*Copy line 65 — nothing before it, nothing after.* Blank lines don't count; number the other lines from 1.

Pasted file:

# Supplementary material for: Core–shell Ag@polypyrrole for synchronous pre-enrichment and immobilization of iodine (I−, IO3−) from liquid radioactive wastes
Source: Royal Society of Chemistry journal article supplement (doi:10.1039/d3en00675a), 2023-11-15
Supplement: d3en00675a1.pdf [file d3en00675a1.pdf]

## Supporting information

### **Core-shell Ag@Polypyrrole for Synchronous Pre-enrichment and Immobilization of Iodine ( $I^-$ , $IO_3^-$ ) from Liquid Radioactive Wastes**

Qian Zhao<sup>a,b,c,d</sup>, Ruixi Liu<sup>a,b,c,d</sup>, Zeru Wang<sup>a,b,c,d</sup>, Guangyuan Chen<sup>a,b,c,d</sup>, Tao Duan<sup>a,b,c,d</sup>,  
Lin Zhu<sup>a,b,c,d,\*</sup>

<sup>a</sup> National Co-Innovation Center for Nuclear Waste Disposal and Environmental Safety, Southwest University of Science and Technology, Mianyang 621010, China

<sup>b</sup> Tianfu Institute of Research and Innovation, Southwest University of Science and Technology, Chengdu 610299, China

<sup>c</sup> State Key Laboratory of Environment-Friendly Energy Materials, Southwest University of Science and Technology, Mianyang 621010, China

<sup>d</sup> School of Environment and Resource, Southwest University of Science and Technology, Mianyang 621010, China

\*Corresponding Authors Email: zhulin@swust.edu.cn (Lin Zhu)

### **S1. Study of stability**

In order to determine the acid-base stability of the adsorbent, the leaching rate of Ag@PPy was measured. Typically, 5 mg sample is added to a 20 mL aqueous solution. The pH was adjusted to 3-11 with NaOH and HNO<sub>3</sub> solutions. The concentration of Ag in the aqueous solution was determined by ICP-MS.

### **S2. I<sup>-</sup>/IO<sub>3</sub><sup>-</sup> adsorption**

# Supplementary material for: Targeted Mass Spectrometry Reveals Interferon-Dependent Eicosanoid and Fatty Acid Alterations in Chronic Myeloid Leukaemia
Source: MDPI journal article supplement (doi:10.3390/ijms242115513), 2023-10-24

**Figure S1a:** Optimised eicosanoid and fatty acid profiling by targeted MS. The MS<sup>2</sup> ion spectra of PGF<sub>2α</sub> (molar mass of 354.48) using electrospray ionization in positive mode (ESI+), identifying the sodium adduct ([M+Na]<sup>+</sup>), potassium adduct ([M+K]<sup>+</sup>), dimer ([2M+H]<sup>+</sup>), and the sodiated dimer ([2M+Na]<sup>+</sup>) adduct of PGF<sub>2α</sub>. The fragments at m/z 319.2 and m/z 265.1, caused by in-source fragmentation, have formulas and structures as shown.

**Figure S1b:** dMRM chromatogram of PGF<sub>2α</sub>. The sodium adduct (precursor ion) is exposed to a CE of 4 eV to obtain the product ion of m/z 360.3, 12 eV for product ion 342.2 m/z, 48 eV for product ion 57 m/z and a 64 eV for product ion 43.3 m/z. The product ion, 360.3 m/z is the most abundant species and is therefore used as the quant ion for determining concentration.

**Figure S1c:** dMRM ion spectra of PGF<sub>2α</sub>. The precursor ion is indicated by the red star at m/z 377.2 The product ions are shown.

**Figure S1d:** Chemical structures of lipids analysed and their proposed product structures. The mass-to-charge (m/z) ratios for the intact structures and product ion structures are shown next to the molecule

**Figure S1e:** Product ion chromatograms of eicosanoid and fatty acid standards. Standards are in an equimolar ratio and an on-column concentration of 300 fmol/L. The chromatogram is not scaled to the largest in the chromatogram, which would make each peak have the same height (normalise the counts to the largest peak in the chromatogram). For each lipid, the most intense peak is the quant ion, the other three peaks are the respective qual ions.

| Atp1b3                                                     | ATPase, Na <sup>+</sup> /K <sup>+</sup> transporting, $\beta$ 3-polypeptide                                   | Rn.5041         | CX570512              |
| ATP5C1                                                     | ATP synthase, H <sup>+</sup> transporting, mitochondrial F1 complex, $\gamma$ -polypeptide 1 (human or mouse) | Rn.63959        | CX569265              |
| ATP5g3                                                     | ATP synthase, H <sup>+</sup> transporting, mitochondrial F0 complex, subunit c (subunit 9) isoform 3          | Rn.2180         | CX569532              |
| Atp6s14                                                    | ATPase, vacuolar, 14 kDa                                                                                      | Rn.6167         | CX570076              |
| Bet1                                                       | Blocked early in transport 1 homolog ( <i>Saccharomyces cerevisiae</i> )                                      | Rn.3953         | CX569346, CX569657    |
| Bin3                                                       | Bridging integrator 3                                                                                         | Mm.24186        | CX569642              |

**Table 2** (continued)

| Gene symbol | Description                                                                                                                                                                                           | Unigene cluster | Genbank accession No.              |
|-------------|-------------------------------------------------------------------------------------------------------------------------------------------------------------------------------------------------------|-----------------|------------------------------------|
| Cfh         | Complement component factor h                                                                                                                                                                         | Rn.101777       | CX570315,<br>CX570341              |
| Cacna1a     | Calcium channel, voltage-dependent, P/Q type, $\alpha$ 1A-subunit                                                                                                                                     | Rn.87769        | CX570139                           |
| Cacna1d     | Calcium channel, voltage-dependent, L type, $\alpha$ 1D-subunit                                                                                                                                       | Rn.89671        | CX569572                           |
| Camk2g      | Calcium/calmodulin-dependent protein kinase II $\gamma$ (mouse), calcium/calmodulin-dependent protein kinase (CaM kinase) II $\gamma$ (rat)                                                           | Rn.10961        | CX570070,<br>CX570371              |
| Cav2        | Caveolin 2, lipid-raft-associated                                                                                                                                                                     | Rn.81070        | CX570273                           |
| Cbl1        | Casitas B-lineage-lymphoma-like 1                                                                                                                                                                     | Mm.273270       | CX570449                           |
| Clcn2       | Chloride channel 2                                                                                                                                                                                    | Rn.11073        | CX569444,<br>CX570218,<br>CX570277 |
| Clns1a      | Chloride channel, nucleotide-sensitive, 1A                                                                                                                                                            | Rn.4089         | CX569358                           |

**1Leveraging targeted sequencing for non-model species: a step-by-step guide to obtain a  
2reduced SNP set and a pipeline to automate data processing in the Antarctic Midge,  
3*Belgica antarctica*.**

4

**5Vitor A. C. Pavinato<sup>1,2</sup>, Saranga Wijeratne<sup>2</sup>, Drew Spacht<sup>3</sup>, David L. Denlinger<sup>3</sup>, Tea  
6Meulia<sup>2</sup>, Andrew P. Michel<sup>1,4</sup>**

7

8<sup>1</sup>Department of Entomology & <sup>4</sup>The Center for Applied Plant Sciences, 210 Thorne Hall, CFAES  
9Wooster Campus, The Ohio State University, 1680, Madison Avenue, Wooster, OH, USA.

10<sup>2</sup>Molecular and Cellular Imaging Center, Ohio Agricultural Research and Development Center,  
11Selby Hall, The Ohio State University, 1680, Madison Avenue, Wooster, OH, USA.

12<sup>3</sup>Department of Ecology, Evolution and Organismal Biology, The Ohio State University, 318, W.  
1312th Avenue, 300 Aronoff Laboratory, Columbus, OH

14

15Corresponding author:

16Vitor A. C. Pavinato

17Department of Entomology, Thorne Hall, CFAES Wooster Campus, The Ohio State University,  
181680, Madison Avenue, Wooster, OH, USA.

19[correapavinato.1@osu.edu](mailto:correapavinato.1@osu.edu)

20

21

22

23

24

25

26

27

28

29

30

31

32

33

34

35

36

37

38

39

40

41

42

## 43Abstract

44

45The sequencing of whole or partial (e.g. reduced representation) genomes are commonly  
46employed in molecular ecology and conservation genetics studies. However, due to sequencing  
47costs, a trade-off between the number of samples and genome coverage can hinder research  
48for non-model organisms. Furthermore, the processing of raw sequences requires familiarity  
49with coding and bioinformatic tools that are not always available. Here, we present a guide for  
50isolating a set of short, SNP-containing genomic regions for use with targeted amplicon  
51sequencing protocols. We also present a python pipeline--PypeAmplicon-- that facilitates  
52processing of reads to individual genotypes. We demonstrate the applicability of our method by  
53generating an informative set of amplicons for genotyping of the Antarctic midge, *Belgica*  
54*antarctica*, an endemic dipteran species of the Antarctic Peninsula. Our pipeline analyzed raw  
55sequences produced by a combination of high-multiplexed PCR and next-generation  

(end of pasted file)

26